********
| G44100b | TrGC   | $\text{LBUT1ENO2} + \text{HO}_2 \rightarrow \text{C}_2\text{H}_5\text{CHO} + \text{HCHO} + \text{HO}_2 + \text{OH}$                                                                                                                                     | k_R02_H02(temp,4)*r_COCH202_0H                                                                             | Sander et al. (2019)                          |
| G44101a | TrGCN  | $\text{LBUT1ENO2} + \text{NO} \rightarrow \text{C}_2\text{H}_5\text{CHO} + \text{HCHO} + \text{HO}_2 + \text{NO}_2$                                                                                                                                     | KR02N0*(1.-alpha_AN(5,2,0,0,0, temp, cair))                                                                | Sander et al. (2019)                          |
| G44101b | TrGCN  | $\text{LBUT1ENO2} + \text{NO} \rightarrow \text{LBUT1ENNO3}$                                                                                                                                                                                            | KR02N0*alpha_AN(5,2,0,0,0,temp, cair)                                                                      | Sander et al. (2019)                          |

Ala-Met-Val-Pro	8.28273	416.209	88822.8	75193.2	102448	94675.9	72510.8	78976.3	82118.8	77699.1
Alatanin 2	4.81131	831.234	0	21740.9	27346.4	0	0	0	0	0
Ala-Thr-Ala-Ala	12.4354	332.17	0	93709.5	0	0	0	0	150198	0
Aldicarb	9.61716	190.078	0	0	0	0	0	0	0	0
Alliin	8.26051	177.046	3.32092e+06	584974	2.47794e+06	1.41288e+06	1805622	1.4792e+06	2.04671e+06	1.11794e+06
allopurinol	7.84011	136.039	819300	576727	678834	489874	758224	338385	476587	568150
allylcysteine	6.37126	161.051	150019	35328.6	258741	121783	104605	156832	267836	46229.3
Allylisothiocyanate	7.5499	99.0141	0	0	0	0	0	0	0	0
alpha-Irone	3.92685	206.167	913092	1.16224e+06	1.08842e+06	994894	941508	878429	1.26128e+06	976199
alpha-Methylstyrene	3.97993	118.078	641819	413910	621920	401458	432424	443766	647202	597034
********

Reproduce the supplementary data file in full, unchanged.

| G44100b | TrGC   | $\text{LBUT1ENO2} + \text{HO}_2 \rightarrow \text{C}_2\text{H}_5\text{CHO} + \text{HCHO} + \text{HO}_2 + \text{OH}$                                                                                                                                     | k_R02_H02(temp,4)*r_COCH202_0H                                                                             | Sander et al. (2019)                          |
| G44101a | TrGCN  | $\text{LBUT1ENO2} + \text{NO} \rightarrow \text{C}_2\text{H}_5\text{CHO} + \text{HCHO} + \text{HO}_2 + \text{NO}_2$                                                                                                                                     | KR02N0*(1.-alpha_AN(5,2,0,0,0, temp, cair))                                                                | Sander et al. (2019)                          |
| G44101b | TrGCN  | $\text{LBUT1ENO2} + \text{NO} \rightarrow \text{LBUT1ENNO3}$                                                                                                                                                                                            | KR02N0*alpha_AN(5,2,0,0,0,temp, cair)                                                                      | Sander et al. (2019)                          |

Ala-Met-Val-Pro	8.28273	416.209	88822.8	75193.2	102448	94675.9	72510.8	78976.3	82118.8	77699.1
Alatanin 2	4.81131	831.234	0	21740.9	27346.4	0	0	0	0	0
Ala-Thr-Ala-Ala	12.4354	332.17	0	93709.5	0	0	0	0	150198	0
Aldicarb	9.61716	190.078	0	0	0	0	0	0	0	0
Alliin	8.26051	177.046	3.32092e+06	584974	2.47794e+06	1.41288e+06	1805622	1.4792e+06	2.04671e+06	1.11794e+06
allopurinol	7.84011	136.039	819300	576727	678834	489874	758224	338385	476587	568150
allylcysteine	6.37126	161.051	150019	35328.6	258741	121783	104605	156832	267836	46229.3
Allylisothiocyanate	7.5499	99.0141	0	0	0	0	0	0	0	0
alpha-Irone	3.92685	206.167	913092	1.16224e+06	1.08842e+06	994894	941508	878429	1.26128e+06	976199
alpha-Methylstyrene	3.97993	118.078	641819	413910	621920	401458	432424	443766	647202	597034